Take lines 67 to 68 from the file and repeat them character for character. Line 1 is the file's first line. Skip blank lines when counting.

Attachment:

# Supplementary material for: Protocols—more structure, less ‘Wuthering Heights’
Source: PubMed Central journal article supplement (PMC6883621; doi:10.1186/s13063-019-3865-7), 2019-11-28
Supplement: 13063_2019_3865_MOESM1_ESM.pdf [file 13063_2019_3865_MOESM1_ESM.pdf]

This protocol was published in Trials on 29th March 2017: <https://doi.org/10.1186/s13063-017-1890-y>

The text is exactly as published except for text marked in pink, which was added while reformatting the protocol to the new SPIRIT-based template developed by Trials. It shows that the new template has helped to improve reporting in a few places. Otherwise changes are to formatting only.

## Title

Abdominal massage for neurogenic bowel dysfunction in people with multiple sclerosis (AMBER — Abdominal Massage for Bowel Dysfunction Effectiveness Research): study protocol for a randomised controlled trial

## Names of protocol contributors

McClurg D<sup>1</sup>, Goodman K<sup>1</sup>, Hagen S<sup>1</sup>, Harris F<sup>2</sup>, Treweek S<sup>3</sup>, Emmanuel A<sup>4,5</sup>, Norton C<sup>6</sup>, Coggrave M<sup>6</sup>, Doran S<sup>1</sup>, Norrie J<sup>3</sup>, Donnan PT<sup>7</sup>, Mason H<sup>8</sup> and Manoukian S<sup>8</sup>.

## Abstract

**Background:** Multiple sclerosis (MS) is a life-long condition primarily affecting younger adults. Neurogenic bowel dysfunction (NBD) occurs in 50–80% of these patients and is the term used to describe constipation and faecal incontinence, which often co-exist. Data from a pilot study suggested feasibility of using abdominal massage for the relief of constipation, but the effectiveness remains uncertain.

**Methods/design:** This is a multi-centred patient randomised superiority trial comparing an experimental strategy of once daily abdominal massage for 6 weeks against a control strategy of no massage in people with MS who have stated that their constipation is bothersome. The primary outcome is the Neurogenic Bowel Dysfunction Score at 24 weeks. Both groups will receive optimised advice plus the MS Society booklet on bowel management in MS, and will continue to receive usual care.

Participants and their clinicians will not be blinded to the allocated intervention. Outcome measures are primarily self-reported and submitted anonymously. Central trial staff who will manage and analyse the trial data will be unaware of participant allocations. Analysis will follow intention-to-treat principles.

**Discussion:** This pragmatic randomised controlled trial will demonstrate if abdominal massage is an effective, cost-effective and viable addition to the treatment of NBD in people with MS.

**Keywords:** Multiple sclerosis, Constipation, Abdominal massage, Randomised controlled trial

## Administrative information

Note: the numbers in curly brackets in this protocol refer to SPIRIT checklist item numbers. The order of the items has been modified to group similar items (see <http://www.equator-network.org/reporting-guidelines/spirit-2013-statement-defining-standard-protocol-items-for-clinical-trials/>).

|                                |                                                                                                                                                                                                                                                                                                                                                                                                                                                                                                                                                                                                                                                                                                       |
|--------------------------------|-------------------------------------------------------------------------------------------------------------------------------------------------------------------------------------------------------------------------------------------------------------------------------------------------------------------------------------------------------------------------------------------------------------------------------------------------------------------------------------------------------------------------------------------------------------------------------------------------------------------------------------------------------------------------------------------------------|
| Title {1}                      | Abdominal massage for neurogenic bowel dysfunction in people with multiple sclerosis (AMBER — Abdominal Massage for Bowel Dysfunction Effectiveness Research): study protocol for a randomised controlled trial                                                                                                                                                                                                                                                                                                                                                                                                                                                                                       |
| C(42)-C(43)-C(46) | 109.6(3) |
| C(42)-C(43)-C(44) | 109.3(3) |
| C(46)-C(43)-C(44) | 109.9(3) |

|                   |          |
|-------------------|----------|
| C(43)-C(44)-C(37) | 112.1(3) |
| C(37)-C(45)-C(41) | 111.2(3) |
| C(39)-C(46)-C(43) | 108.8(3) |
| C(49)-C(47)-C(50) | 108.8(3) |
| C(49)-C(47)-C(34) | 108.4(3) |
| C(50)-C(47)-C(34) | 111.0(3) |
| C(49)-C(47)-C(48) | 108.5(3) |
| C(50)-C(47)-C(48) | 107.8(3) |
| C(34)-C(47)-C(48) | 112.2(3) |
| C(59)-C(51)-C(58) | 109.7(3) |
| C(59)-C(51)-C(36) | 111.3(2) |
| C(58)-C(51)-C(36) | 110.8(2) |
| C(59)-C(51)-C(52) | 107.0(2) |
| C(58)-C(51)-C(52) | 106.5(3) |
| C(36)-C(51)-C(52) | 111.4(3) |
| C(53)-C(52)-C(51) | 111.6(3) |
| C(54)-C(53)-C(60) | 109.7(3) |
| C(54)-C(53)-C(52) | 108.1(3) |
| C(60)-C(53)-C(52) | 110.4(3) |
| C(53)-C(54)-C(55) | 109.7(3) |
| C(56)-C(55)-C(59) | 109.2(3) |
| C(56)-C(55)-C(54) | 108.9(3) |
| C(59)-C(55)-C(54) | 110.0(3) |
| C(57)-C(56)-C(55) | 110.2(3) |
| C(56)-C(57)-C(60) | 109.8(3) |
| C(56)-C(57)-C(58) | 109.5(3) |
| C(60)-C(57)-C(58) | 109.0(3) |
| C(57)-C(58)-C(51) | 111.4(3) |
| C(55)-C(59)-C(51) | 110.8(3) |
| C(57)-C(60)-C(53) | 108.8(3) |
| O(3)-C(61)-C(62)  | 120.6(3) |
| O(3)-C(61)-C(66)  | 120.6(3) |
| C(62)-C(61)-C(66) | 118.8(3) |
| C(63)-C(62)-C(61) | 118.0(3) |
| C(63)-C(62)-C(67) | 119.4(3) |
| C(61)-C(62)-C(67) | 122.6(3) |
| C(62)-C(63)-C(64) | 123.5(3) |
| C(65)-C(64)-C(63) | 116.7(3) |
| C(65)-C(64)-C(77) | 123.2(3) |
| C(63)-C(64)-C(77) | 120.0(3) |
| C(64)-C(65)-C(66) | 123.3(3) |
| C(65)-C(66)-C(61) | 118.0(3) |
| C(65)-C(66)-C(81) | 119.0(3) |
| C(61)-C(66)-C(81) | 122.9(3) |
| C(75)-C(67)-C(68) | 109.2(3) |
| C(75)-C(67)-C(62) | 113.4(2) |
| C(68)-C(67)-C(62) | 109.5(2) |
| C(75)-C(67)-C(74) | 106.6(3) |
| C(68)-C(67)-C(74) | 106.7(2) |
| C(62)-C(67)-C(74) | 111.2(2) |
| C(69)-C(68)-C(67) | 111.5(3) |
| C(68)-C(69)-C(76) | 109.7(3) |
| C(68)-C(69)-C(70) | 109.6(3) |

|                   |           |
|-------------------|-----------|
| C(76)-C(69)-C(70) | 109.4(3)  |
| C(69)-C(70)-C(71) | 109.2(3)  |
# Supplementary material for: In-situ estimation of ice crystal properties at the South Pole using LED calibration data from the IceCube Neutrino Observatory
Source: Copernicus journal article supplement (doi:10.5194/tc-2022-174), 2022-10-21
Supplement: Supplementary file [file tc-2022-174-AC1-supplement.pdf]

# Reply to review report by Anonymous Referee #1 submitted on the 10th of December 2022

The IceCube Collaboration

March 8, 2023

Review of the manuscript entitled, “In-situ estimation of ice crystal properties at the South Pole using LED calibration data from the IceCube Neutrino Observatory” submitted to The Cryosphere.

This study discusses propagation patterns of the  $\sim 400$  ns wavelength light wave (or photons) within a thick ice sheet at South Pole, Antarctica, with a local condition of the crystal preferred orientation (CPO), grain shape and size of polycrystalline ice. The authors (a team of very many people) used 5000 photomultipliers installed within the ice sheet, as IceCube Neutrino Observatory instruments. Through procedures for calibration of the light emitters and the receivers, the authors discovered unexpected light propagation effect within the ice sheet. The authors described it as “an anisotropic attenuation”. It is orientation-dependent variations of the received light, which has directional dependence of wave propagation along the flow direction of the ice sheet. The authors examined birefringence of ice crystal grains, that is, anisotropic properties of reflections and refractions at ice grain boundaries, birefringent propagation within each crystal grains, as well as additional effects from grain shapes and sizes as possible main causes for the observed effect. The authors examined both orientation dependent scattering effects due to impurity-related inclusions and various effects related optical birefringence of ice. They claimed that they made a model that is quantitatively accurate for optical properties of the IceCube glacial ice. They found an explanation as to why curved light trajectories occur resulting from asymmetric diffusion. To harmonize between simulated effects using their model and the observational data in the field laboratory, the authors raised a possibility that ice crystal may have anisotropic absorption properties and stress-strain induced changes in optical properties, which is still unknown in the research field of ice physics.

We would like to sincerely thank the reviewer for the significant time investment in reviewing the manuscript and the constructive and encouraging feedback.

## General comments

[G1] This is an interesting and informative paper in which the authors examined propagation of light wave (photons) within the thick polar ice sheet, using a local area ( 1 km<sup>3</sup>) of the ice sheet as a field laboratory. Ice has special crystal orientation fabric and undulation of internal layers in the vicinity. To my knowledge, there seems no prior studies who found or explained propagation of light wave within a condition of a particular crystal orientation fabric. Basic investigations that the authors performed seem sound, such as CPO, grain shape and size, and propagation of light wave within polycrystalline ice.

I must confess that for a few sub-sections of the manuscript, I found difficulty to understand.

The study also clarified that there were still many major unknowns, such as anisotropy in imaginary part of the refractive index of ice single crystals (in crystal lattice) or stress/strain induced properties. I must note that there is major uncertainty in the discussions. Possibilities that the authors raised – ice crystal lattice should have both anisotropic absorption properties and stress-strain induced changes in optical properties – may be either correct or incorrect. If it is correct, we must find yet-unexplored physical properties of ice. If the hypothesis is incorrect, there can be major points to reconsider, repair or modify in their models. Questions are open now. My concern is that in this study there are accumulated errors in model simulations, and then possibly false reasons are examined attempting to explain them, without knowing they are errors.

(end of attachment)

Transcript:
| C(65)-C(66)-C(61) | 118.0(3) |
| C(65)-C(66)-C(81) | 119.0(3) |